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Game Commission biologist takes on role as Westmoreland land trust board member

Jeff Himler
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Sean Stipp | Tribune-Review
Pennsylvania Game Commission diversity biologist Tammy Colt sits for a portrait on Sept. 28, 2016 at a wetlands restoration that she planned. The wetlands is owned by the Loyalhanna Watershed Association and was funded the the game commission.
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Tammy Colt bands a peregrine falcon chick under the Westinghouse Bridge in East Pittsburgh.
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Tammy Colt traps and bands wood ducks at Beaver Run Reservoir.
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Tammy Colt bands geese with waterfowl biologist Jeremy Stempka.

Tammy Colt’s duties for the Pennsylvania Game Commission take her on side roads at night searching for bat signals.

A wildlife diversity biologist for the commission’s southwest region, the Bolivar resident roams across Westmoreland County and nine others to track about 100 bird and mammal species state officials have prioritized as most in need of conservation.

Colt mounts acoustic equipment on her truck to record the calls of the little brown and tri-colored bats — among six types of bat and 19 mammal species targeted for conservation in the 2015-25 update of the state’s Wildlife Action Plan.

It takes Colt two hours to complete her route, driving about 20 mph.

“We try not to go any slower or faster,” she said.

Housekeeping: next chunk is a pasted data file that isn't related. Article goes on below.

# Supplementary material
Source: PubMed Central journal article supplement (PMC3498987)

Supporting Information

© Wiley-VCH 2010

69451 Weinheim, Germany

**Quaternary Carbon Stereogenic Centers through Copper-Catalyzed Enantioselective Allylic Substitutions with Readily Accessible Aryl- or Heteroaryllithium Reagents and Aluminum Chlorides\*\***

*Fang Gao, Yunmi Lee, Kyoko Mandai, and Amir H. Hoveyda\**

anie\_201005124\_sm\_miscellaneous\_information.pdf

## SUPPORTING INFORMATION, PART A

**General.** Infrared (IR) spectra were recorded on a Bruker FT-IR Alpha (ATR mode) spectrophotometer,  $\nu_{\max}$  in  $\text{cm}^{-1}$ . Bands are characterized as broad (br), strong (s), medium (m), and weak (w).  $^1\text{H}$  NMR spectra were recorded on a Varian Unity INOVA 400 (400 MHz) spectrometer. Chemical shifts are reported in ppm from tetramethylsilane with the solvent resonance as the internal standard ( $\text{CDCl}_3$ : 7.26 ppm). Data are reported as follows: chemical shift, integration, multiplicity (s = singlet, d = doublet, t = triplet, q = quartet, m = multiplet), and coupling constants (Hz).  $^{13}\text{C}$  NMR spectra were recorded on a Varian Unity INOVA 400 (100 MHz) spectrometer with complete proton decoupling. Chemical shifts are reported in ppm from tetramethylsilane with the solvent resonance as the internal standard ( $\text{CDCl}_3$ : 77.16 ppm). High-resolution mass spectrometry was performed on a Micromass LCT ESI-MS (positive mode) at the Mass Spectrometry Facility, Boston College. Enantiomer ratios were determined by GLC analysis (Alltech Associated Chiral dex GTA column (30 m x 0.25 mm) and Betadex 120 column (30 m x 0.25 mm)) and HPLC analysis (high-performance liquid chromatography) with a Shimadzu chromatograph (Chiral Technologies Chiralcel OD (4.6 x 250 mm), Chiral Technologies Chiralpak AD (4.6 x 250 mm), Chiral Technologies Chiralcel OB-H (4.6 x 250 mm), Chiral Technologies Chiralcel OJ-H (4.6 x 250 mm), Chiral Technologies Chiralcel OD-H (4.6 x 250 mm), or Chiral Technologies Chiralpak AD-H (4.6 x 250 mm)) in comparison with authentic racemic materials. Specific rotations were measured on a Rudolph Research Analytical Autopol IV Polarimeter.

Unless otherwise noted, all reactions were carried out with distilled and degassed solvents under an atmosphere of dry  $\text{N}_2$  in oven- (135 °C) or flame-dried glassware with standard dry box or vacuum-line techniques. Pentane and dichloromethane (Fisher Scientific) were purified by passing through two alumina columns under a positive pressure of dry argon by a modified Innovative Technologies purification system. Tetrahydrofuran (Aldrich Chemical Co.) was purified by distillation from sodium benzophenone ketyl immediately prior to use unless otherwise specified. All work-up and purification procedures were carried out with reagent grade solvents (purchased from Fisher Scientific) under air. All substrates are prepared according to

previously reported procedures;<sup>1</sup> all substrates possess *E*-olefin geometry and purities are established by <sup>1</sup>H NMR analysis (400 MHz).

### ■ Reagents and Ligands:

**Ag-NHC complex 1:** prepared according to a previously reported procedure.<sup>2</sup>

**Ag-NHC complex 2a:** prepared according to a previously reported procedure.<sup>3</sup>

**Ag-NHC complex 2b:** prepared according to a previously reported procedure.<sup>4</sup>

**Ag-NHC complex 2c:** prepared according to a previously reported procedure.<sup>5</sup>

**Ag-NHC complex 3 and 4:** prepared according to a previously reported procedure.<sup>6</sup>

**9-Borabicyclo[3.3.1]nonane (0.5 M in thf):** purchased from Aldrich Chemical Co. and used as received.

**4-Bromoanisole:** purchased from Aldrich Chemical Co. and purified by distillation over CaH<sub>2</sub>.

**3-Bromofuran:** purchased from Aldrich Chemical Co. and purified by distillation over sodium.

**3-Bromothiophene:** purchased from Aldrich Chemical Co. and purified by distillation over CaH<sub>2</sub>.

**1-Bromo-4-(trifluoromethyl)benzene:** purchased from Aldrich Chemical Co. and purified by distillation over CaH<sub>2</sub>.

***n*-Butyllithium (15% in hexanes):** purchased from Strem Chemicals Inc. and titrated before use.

With a software program and input from an expert colleague, Colt can identify the about 100 bat sounds among the noises she records and can distinguish the various species.

In September 2005, when Colt was hired, the little brown bat wasn’t listed in the inaugural 10-year action plan.

“The bat population was going up and then white-nose hit,” she said, referring to a fungal infection that hit the species. “White-nose kills 90 to 95 percent of a colony once it’s in.”

Colt relies on her ears and eyes to keep tabs on other flying species, with a play list of recorded bird songs as a reference.

“I do a lot of bird surveys in May and June,” she said. “I ought to feel guilty — I’m getting paid to birdwatch.”

Colt, 50, has pushed herself to new heights for her job. Though she confesses that heights make her uneasy, she’s been out on a ledge near the top of Pittsburgh’s Gulf Tower to band nesting peregrine falcons and has dropped in a bucket truck to the underside of the Westinghouse Bridge to band a peregrine chick.

Encountering wildlife in the field is one of the most exciting aspects of Colt’s job.

“It’s those extras we run into,” she said. “There are so many cool things out there.”

One of the most important aspects of Colt’s job doesn’t involve direct contact with wildlife. She manages habitats, helping owners of wooded land promote vegetation that will support threatened species.

Colt has taken part in one of the most extreme forms of habitat management — prescribed fires set on state gamelands — which required training where she had to carry a 45-pound backpack for three miles in 45 minutes.

Colt, who has a master’s degree in biology, is bringing the experience she’s gained with the Game Commission to a new volunteer role — board member of the Westmoreland Land Trust. Her past includes stints as an environmental educator at Powdermill Nature Reserve, a board member with the Loyalhanna Watershed Association, where she continues as an adviser, and president of the Pennsylvania chapter of The Wildlife Society.

Colt will serve through 2019 with the Land Trust, which has partnered with other organizations to conserve about 235 acres in six municipalities.

Chairman Chuck Duritsa of Hempfield said the trust was looking to fill a board vacancy with an energetic candidate hailing from an unrepresented section of the county. Colt, he said, “fit both bills.”

The trust has to “make land-management decisions, and we need to have policies in place for that. I’m glad to be able to bring that experience to the board,” Colt said.

Jeff Himler is a Tribune-Review staff writer. Reach him at 724-836-6622 or [email protected].

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